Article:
The work of Bonnie Martin Harris has started the standardization process for the Modified Barium Swallow Study through the MBSImP (Modified Barium Swallow Impairment Profile), however not everyone has to take this course to complete the MBSS. Not only does the MBSImP have an aim to standardize the MBSS, it also addresses identifying and reporting functional deficits or physiological impairments rather than commenting on what happens with every consistency.  The goal of the MBSImP is to find impairment through trials of a set of consistencies rather than to identify every consistency which is difficult for the patient.  Martin-Harris, B., Brodsky, M. B., Michel, Y., Castell, D. O., Schleicher, M., Sandidge, J., … & Blair, J. (2008). MBS measurement tool for swallow impairment—MBSImp: establishing a standard. Dysphagia, 23(4), 392-405.

FEES has had tools to help standardize interpretation, including interpretation of the residue amount through the Yale Pharyngeal Residue Scale.   There are numerous courses available to teach the anatomy and physiology of the pharynx as viewed through the endoscope.

The American Speech Language and Hearing Association (ASHA) has given us guidelines for “best practice”.   Within the ASHA Rules of Ethics, it states:  “Individuals shall use every resource, including referral and/or interprofessional collaboration when appropriate, to ensure that quality service is provided.”

ASHA provides us with guidelines for SLPs performing MBSS which you can find here.   There are also guidelines for those performing FEES which you can find here.

So why do we need instrumentation?  What’s the big deal?

There are many areas that we can and cannot view with a Clinical Dysphagia Examination.

You can’t see the epiglottis.  In fact, you can’t see anything in the pharynx.  It’s always difficult to assess movement and physiology of an area you can’t see.  I recently had a patient for an MBSS that told me that during the Clinical Evaluation they were told that their epiglottis is not moving.  During the MBSS, the epiglottis moved just as it should.  You can’t just assume by a symptom such as coughing that it is an airway protection deficit.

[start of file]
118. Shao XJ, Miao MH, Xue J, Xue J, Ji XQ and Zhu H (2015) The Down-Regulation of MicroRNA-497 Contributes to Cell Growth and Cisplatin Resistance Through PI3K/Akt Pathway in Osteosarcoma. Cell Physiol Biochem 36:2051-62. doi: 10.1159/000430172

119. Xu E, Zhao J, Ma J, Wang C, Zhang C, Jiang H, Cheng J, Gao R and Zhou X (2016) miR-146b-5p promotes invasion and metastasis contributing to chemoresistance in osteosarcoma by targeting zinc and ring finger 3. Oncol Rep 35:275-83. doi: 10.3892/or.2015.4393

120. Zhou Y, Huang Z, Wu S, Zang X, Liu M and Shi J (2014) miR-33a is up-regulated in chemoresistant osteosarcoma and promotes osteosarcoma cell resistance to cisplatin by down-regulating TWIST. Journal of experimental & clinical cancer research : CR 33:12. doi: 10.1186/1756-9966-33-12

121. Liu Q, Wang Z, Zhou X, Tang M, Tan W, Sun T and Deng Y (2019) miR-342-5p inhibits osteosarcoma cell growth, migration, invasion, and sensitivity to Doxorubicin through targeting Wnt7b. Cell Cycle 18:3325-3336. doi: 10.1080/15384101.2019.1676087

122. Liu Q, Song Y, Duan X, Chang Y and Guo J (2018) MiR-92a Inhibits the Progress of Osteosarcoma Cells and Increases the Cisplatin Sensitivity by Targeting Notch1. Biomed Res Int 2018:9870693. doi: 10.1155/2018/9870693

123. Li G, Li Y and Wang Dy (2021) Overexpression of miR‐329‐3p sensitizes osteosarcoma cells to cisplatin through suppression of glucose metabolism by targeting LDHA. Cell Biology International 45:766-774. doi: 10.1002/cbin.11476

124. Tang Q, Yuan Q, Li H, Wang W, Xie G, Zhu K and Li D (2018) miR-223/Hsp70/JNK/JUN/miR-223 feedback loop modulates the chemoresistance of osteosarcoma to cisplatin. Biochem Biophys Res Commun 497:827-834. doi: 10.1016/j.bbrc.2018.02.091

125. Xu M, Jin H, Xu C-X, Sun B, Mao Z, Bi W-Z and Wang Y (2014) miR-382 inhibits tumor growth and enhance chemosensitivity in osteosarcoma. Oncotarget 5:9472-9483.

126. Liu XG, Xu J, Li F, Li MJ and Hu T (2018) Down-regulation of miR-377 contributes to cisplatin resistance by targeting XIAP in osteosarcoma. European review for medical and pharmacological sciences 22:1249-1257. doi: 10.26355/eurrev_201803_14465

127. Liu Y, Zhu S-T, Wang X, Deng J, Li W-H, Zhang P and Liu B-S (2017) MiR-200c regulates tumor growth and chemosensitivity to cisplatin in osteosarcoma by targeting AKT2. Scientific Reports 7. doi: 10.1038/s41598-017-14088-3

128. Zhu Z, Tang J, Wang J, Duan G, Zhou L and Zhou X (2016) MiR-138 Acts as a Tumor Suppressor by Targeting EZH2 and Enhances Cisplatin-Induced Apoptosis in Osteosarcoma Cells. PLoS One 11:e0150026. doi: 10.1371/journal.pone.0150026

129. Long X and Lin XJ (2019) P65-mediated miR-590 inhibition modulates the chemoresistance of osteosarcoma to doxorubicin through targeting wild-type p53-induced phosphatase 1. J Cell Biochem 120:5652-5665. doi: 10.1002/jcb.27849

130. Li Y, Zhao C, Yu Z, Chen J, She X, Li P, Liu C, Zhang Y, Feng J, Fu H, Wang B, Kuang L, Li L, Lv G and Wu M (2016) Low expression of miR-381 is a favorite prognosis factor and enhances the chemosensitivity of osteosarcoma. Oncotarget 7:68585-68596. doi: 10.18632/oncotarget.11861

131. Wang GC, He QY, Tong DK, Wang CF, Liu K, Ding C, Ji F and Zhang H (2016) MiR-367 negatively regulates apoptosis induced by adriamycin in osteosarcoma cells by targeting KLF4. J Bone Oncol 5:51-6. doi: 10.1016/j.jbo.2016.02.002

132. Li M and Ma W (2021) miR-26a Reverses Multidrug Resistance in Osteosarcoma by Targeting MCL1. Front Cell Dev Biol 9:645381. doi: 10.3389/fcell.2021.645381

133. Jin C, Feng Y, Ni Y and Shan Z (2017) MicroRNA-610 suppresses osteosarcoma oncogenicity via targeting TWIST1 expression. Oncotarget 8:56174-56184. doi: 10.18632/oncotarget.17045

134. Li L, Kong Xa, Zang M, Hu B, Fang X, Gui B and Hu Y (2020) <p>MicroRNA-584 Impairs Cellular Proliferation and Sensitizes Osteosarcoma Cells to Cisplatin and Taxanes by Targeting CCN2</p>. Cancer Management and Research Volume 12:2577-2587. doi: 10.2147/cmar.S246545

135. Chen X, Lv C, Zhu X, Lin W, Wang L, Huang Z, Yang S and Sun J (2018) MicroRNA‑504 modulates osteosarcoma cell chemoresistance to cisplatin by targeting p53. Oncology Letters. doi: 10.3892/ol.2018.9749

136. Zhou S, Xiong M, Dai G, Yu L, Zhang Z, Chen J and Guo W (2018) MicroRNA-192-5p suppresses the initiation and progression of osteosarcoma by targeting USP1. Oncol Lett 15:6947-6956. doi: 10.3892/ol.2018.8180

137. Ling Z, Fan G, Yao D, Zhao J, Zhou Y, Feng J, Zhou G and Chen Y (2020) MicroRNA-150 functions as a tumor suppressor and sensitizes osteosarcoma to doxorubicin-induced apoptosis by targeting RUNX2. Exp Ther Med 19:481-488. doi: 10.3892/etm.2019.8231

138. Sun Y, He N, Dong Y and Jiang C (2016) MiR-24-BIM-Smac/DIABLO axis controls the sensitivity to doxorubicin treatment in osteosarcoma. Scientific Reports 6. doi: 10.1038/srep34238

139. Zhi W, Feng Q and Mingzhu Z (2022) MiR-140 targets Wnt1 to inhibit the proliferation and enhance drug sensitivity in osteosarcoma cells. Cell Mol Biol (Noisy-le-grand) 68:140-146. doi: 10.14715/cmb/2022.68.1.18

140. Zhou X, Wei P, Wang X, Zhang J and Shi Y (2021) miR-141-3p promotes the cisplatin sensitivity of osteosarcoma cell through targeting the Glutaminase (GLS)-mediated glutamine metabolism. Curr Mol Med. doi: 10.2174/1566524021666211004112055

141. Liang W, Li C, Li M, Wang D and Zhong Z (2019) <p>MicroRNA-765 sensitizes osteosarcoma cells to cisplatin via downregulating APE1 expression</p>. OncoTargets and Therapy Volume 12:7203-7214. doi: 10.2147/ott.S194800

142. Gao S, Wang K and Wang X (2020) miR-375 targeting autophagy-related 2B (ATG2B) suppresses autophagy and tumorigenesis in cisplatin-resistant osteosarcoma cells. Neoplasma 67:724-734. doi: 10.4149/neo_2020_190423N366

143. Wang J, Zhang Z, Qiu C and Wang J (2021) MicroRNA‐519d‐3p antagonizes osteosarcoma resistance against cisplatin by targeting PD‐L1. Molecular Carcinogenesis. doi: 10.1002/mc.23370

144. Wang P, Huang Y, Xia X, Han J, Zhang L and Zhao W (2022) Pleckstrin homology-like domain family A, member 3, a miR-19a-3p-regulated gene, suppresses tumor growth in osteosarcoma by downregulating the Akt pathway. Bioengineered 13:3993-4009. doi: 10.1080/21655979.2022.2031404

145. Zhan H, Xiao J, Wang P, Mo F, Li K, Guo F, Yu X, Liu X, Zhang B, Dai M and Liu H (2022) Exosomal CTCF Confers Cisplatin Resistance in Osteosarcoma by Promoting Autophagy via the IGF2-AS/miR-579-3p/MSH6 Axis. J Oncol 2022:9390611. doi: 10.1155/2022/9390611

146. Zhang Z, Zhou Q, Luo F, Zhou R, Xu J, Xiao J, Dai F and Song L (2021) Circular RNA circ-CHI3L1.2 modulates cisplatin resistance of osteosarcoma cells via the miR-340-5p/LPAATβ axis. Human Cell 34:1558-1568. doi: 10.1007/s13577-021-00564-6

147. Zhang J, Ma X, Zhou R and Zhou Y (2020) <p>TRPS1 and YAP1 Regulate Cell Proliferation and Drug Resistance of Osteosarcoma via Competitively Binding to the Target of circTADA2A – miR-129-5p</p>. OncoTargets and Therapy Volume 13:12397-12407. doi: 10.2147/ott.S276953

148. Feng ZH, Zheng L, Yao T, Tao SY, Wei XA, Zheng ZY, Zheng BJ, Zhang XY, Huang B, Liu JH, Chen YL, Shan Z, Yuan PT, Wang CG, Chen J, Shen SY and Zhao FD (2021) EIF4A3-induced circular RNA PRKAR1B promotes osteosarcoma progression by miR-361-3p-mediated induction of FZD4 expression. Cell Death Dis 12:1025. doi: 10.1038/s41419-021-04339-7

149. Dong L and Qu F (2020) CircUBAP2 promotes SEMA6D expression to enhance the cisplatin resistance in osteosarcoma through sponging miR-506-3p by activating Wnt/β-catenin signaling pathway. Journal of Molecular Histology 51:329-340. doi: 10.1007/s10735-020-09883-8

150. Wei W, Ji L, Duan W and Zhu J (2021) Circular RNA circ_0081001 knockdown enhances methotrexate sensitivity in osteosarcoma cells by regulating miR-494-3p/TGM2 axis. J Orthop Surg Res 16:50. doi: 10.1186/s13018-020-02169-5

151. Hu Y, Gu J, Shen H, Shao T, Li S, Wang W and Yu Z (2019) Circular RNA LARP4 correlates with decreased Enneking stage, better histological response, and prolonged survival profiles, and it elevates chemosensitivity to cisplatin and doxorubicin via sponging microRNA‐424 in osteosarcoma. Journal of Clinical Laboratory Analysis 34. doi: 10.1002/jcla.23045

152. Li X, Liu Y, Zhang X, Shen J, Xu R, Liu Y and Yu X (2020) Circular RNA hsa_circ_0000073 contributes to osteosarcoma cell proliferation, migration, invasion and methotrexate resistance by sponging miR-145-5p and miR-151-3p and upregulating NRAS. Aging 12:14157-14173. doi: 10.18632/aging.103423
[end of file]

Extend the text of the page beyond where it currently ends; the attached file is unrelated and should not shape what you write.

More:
You can’t assess bolus flow.  If you have attended the Critical Thinking in Dysphagia Management course you know that assessment is broken down in 2 main areas.  Bolus flow and Airway Protection.  If you haven’t yet attended the CTDM course, it is highly suggested you do!  There is even an online version.   The point is though, once the mouth is closed, you just can’t see where the food or drink is going and how it reaches it’s final destination.

You can’t assess airway protection.  Have you ever assessed a patient at bedside and after palpation of the larynx feel pretty confident that the larynx is moving?  Then you start trying to figure out why the patient has a wet cough later in the day.  You take the patient downstairs for a swallow study and low and behold, there is no laryngeal elevation.  What you felt was the tongue moving trying to initiate a swallow.  Go ahead, put your fingers on your larynx and move your tongue.  What do you feel?

Compensatory Strategies.  My friends Theresa wrote a blog post about compensatory strategies that is definitely worth a look.  How do we know for sure that a compensatory strategy is effective or that the patient is actually able to do the strategy in the correct way?  You might remember a post I wrote earlier about the chin tuck.   There was also a great post on SwallowStudy.com about the chin tuck.

Remember that by not providing our patients with best practice in assessment we may be putting them at higher risk for: